|Beacon to the world? Image from Wikimedia Commons.|
Was Putin right?
Revisiting ‘American exceptionalism’
A better future and the survival of the human race require us to realize, as Paul Robeson suggested, that what is precious about humanity is not our differences but our commonalities.
By Harry Targ | The Rag Blog | September 17, 2013
Continued study and research into the origins of the folk music of various peoples in many parts of the world revealed that there is a world body — a universal body — of folk music based upon a universal pentatonic (five tone) scale. Interested as I am in the universality of (hu)mankind — in the fundamental relationship of all peoples to one another — this idea of a universal body of music intrigued me, and I pursed it along many fascinating paths. — Paul Robeson, Here I Stand, 1959.
America’s destiny required the U.S. “…to set the world its example of right and honor… We cannot retreat from any soil where providence has unfurled our banner. It is ours to save that soil, for liberty, and civilization… It is elemental… it is racial. God has not been preparing the English-speaking and teutonic peoples for a thousand years for nothing but vain and idle self-contemplation and self-admiration. No! He has made us the master organizers of the world to establish system where chaos reigns. He has given us the spirit of progress to overwhelm the forces of reaction throughout the earth.” — Senator Albert Beveridge, Indiana, Congressional Record, 56 Congress, I Session, pp.704-712, 1898.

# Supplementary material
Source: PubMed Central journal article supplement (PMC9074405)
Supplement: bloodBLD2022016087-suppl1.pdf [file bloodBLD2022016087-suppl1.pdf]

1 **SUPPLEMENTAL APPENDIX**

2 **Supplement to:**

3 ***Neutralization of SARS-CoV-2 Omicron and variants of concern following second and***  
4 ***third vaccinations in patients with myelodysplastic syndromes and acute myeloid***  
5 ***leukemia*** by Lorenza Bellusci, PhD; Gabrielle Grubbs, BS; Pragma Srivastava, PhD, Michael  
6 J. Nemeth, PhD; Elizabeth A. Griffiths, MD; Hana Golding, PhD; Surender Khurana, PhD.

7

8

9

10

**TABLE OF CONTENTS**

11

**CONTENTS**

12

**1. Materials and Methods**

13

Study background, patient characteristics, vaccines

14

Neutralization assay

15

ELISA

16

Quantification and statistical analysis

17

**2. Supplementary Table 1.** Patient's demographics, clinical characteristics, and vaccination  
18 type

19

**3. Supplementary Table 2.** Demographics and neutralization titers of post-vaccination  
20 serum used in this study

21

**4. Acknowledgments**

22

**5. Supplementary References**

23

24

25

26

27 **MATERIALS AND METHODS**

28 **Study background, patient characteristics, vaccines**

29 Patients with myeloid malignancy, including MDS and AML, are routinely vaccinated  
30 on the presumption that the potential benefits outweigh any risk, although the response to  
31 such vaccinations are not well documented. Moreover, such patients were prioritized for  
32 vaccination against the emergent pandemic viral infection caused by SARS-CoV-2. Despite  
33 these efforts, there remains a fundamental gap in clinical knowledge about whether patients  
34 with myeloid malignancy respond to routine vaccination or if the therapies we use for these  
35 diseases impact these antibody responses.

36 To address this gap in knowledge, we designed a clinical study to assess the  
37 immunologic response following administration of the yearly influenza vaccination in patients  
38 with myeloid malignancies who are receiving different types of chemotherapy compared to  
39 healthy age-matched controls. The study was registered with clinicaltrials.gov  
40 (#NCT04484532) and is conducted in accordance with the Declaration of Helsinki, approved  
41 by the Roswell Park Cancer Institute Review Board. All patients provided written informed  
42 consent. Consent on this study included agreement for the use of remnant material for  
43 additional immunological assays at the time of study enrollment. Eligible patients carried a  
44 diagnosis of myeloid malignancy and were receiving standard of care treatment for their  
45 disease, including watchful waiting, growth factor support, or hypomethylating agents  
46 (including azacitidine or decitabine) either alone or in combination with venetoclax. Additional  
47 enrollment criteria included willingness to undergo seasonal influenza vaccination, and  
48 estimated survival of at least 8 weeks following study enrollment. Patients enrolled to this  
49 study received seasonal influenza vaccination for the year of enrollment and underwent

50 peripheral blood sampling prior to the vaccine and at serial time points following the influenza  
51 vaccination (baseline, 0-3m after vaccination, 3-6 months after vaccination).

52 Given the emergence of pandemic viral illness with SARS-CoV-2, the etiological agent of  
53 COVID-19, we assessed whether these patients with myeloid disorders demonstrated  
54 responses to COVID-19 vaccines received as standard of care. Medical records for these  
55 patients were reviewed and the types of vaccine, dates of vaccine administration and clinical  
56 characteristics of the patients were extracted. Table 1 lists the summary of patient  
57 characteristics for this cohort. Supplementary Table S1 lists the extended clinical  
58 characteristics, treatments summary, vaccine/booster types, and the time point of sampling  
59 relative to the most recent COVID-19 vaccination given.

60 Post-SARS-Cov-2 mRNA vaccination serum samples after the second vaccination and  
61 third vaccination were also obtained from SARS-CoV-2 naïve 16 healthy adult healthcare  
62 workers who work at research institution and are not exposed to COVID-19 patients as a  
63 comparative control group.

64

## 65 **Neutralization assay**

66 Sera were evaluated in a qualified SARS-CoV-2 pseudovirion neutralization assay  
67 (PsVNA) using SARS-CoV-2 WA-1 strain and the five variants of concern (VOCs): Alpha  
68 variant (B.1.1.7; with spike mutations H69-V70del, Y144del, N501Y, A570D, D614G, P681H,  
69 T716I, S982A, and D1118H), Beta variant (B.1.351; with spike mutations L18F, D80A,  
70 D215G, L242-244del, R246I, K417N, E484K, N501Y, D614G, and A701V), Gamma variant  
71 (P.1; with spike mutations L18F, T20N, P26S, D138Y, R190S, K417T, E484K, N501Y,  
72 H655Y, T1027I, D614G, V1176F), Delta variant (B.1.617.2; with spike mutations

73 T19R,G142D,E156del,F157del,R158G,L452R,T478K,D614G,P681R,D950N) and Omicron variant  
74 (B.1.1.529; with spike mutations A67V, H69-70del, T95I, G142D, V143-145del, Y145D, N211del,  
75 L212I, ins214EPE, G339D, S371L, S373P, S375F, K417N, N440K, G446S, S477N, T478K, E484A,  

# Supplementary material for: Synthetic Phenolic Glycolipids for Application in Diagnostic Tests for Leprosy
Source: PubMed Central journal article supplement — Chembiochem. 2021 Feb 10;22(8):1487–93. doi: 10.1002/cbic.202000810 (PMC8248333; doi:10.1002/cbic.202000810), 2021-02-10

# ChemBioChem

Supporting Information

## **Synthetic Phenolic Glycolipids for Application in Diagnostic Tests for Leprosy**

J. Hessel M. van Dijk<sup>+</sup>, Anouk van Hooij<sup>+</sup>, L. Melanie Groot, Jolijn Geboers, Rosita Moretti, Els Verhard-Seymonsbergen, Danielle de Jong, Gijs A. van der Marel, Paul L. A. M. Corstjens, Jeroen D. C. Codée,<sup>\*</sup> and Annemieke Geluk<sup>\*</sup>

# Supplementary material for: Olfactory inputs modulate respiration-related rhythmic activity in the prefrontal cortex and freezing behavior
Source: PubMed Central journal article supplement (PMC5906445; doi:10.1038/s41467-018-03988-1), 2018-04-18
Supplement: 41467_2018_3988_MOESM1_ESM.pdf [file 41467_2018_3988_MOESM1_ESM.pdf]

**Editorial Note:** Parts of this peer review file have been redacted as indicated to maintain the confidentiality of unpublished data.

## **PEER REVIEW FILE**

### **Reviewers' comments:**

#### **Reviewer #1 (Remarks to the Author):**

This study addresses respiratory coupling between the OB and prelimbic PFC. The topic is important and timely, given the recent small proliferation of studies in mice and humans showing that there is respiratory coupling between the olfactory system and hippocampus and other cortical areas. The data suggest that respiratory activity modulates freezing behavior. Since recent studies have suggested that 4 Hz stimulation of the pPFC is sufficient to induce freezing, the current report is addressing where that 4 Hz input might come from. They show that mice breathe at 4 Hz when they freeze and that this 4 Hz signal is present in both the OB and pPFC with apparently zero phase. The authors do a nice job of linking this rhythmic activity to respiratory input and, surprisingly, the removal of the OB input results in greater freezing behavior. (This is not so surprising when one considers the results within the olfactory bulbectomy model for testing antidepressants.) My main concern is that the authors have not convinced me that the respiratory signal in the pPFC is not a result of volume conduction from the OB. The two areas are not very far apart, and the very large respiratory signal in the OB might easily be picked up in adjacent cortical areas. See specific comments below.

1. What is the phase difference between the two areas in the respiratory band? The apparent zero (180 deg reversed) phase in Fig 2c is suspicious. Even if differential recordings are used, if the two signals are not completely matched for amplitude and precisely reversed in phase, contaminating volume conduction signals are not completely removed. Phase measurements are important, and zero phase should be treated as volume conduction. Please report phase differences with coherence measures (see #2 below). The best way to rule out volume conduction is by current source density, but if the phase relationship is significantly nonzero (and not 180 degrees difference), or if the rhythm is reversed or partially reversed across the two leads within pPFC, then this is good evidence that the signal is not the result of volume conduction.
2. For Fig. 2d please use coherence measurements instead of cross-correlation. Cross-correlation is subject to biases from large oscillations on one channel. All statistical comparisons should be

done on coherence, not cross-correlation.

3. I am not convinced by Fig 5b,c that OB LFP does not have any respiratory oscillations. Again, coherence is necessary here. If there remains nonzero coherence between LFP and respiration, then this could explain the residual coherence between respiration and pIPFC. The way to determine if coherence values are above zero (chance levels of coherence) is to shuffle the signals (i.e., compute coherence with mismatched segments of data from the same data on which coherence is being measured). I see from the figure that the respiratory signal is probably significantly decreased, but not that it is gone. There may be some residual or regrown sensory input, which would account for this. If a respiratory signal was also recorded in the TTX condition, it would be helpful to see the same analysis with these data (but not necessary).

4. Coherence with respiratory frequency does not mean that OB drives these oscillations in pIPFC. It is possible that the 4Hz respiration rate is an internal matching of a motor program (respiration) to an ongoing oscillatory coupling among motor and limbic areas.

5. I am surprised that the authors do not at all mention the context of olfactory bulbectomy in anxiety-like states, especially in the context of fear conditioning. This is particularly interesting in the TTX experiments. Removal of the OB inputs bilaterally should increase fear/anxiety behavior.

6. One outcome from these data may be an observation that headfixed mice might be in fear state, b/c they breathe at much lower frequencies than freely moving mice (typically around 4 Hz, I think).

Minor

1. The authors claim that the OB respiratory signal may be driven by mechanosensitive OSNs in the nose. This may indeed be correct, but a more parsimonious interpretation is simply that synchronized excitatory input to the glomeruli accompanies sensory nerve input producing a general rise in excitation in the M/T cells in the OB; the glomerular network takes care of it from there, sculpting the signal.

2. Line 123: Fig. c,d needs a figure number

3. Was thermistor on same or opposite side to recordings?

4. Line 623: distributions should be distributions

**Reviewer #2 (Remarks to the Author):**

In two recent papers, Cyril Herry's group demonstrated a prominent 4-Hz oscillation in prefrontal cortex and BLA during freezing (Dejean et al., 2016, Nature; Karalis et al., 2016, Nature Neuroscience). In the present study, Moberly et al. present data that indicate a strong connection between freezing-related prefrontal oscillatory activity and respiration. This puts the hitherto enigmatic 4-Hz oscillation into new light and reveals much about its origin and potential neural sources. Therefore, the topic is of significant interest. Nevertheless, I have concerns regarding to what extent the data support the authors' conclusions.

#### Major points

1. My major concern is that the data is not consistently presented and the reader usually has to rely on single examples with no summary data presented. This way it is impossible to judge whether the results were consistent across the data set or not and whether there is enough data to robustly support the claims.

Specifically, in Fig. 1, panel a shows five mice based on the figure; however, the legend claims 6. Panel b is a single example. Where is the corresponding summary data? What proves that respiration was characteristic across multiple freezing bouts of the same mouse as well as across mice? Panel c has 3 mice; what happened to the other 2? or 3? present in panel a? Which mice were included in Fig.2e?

President Vladimir Putin wrote in The New York Times, September 12, 2013, that “it is extremely dangerous to encourage people to see themselves as exceptional, whatever the motivation.” This statement embedded in a generally reasonable statement about the instability of Syria brought an outcry from the liberal media elite and often-quoted academics.
For example a Bloomberg editorial refers to Putin’s “bizarre” “out-of date” analysis. Professor Fouad Ajami wrote that “Arab regimes of plunder and tyranny were both physically close to Russia” and the “lawless Kremlin model.”
Liberal commentators dwelled on the silly pictures of muscular Putin riding a horse without a shirt. Or they reminded viewers of Russia’s recent (and vile) homophobia. Or they referred to Putin’s pedigree as a KGB operative or as the ruler behind the throne manipulating the Russian electoral system in order to return to office after being replaced.
|Even considering the source.
Image from Huffington Post.
Although critics were probably correct to challenge his claim that the recent gassing of Syrian citizens was done only by rebels, he did admit that the Assad regime in fact does have such weapons. But both Democrats and Republicans expressed outrage that anyone could challenge the idea that the United States is the “exceptional” nation.
Let’s be clear. United States foreign policy over the last 150 years has been a reflection of many forces including economics, politics, militarism, and the desire to control territory. The most important idea used by each presidential administration to gain support from the citizenry for the pursuit of empire is the claim that America is “exceptional”.